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Whole Body Cryotherapy has become a major component in the training programmes of many of the participants in the Rugby World Cup 2015, starting today in UK.
From being a ‘secret weapon” used by the Welsh rugby team in 2011 tournament, the adoption of Whole Body Cryotherapy has, this year, seen a number of teams competing for access to chambers in the UK and in overseas training facilities.The Italian team has been photographed, in a chamber, as part of their preparation. CryoAction director, Ian Saunders commented, “We have received a large number of enquiries for whole body cryotherapy units from countries competing in the Rugby World Cup 2015. Sadly all units were booked out some time ago and there are simply not enough units to meet the demand which has far exceeded our projections”.
The reasoning behind this adoption is simple to work out. The extreme cold of a Whole body Cryotherapy chamber, with temperatures reaching as low as -160°C, enables the body to increase the recovery rate from fatigue by up to 5 times traditional methods. The body undergoes a reaction to the cold that reduces the pain of fatigue and sends the tired blood from the arms and legs back to the body’s core, in order to preserve the central temperature. Once the players leave the chamber, fresh re-oxygenated blood, rich with enzymes, rushes back into the extremities, bringing with it a pleasant “hit” of endorphins.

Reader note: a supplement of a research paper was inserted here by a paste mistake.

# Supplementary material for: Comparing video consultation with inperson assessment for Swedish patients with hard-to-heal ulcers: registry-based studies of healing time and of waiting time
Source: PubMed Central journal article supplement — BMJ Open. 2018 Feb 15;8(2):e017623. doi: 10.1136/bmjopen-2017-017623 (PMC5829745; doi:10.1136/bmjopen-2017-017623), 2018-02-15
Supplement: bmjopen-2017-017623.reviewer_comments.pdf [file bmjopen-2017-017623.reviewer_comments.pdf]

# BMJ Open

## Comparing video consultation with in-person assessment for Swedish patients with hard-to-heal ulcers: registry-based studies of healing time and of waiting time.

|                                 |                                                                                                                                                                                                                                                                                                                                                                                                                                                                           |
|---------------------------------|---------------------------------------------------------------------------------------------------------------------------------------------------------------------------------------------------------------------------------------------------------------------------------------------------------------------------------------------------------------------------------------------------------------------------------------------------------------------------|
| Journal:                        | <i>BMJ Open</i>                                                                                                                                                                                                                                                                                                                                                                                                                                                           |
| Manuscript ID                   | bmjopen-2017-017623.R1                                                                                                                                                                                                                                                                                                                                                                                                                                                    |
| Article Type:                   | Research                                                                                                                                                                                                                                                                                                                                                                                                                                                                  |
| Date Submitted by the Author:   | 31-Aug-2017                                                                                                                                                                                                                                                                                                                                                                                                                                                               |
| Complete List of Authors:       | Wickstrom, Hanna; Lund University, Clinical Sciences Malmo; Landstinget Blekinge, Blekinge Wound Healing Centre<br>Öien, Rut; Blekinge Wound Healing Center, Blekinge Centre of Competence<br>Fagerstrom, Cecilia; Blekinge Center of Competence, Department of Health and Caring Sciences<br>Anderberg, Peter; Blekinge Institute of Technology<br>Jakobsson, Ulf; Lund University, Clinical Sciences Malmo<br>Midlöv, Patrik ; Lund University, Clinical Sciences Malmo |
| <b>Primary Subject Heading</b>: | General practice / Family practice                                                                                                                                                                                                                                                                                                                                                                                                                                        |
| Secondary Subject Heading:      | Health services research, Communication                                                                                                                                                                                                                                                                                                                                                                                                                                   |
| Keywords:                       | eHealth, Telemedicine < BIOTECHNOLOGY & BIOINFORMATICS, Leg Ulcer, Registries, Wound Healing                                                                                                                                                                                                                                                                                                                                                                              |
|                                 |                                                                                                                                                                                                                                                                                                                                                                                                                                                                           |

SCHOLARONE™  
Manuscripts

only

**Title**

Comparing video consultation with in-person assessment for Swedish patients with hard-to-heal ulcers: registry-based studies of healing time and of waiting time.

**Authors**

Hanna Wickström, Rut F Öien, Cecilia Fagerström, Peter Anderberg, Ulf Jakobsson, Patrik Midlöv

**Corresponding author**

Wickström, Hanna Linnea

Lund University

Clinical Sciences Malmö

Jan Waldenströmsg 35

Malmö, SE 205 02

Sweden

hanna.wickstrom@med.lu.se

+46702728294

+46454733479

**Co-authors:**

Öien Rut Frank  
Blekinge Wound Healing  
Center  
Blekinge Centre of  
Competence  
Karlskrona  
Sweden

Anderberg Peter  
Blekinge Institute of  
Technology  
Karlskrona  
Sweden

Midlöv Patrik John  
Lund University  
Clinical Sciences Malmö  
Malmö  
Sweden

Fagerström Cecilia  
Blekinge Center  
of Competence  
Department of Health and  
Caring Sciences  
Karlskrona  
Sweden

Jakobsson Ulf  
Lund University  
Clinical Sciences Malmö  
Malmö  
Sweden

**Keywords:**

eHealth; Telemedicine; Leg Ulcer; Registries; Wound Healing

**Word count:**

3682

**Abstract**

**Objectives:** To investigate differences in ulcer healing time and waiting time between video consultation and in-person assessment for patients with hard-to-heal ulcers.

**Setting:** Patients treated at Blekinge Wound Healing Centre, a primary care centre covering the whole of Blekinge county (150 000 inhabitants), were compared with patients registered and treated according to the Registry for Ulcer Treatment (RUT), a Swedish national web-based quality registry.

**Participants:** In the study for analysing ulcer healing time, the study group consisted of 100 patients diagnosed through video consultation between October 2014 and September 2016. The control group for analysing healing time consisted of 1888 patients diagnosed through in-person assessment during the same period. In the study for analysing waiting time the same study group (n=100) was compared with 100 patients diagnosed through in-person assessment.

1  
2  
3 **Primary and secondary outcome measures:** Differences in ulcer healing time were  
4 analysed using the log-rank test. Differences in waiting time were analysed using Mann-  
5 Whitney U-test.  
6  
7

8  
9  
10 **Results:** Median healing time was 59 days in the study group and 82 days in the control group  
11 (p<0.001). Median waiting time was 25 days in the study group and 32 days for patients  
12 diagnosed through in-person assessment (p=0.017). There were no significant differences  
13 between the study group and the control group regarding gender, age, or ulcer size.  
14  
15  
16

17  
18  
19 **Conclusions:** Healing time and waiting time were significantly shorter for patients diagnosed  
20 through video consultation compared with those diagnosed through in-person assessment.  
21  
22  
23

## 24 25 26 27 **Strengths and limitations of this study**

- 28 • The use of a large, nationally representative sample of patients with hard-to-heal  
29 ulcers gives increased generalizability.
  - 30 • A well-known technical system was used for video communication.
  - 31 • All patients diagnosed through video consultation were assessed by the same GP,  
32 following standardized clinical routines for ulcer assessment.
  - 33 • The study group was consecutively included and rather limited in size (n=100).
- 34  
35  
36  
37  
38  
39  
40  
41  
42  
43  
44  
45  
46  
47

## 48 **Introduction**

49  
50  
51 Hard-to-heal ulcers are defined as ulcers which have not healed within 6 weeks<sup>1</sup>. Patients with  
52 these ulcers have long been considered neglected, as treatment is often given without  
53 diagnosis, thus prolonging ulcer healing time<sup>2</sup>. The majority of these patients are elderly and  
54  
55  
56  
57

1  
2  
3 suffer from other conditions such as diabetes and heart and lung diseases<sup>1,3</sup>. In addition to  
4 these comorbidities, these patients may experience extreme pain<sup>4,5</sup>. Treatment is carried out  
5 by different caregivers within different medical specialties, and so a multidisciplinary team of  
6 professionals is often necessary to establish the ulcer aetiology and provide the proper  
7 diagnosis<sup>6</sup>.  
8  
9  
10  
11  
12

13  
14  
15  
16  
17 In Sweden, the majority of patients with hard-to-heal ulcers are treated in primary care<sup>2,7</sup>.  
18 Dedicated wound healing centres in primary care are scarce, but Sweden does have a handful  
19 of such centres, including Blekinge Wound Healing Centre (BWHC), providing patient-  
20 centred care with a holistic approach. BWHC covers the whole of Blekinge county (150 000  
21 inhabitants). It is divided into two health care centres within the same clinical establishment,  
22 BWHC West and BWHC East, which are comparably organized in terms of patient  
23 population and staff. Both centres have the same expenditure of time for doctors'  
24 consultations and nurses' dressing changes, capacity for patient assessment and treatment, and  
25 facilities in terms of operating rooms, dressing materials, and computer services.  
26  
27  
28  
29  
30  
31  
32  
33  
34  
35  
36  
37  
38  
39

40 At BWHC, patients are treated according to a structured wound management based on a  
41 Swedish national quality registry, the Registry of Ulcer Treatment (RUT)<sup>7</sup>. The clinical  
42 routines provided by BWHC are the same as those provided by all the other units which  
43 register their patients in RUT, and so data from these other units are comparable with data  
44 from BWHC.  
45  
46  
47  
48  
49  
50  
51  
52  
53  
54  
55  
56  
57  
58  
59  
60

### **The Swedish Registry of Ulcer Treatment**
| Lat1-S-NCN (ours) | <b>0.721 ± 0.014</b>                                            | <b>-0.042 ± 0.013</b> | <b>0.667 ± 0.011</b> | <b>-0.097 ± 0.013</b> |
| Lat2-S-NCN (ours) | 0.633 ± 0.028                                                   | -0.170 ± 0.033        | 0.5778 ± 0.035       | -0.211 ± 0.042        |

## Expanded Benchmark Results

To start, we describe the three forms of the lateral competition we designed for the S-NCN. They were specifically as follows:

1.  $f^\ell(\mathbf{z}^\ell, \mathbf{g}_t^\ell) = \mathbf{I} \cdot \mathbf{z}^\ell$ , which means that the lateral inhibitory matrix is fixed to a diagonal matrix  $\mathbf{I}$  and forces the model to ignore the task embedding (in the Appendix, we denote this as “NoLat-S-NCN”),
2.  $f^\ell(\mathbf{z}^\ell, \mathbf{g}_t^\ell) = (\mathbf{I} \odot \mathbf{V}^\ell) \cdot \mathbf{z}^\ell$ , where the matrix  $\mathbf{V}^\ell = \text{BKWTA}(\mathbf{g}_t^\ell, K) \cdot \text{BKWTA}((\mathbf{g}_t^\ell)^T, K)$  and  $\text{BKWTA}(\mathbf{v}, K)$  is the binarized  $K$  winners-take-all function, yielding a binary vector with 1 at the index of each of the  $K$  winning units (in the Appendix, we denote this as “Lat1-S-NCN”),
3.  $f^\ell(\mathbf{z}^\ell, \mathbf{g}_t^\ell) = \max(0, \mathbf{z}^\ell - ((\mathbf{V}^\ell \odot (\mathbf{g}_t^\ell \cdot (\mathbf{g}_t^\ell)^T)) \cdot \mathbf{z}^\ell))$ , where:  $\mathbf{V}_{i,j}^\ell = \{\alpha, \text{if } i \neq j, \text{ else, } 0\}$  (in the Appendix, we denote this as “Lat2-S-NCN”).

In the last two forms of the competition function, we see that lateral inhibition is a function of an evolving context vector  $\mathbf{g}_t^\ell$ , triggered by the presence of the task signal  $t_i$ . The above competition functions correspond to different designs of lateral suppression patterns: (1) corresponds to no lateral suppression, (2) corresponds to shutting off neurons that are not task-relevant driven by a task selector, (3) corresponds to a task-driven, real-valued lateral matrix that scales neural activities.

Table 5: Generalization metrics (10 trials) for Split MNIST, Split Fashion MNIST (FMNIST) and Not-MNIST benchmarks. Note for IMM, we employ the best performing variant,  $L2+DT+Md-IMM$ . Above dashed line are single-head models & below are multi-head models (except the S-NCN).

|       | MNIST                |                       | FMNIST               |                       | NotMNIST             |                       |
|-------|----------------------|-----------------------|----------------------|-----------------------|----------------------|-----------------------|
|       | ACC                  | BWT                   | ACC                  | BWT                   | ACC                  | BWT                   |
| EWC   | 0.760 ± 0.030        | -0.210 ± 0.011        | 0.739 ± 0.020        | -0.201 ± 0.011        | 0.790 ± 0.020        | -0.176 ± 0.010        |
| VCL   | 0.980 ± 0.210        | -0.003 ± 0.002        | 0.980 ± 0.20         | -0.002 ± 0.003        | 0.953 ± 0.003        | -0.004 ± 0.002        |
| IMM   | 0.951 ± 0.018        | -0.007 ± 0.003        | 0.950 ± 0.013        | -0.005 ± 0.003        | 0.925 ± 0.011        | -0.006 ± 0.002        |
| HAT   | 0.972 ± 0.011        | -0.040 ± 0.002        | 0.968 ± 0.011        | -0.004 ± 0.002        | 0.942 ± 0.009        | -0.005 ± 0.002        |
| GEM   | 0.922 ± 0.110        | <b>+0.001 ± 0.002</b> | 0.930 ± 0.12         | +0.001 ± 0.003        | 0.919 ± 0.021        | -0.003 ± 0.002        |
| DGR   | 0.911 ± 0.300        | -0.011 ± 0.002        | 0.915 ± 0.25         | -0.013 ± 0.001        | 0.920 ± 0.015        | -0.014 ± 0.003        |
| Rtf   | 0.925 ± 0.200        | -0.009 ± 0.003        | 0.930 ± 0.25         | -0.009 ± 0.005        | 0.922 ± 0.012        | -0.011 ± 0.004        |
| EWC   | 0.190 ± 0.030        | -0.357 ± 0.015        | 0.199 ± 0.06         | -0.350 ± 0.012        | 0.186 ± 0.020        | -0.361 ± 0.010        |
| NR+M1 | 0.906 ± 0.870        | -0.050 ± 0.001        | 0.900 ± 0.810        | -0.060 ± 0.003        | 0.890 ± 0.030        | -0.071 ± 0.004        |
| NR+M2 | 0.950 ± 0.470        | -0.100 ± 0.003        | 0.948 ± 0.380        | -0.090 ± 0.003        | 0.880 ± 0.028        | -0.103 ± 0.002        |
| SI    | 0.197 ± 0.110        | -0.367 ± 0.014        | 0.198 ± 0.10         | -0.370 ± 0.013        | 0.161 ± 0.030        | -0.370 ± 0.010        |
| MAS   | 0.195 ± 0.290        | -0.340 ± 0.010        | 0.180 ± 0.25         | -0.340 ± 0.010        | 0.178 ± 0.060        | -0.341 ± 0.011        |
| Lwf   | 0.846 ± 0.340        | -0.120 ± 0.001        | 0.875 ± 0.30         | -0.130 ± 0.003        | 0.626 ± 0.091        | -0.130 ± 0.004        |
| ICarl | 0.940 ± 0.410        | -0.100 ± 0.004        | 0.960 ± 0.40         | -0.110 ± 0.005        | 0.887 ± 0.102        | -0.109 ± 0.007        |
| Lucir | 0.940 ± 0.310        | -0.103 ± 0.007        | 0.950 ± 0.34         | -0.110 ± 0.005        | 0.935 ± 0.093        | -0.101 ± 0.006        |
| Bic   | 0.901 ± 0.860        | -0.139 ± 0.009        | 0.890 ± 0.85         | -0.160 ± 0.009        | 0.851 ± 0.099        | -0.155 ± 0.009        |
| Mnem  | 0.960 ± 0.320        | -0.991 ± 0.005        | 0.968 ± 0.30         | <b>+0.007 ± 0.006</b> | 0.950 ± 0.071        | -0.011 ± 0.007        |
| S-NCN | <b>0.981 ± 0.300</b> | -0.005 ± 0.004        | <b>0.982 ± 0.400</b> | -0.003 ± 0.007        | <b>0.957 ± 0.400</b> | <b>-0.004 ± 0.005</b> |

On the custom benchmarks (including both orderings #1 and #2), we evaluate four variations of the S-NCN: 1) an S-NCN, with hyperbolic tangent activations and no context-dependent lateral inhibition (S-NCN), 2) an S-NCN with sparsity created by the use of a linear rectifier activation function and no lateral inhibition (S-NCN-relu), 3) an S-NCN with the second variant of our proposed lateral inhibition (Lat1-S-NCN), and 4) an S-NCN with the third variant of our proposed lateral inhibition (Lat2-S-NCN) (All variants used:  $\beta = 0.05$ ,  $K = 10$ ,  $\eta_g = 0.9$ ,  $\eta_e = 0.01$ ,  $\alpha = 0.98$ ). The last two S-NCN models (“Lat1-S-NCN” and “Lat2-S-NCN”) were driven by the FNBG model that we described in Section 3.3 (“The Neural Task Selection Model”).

A further benefit from the Whole Body Cryotherapy treatment is that the body also has an accelerated recovery from soft tissue injuries, inevitable from the “big hit” and physical rugby of the modern game. Bruising and swelling is substantially reduced as well as recovery from other types of aggravating injuries, as Welsh captain’s Sam Warburton’s rapid return to Six Nations competition in 2012 testifies.
Whole Body Cryotherapy has a big part to play over the course of the coming weeks and it will be interesting to see if the countries using the equipment are those to win out in the end.

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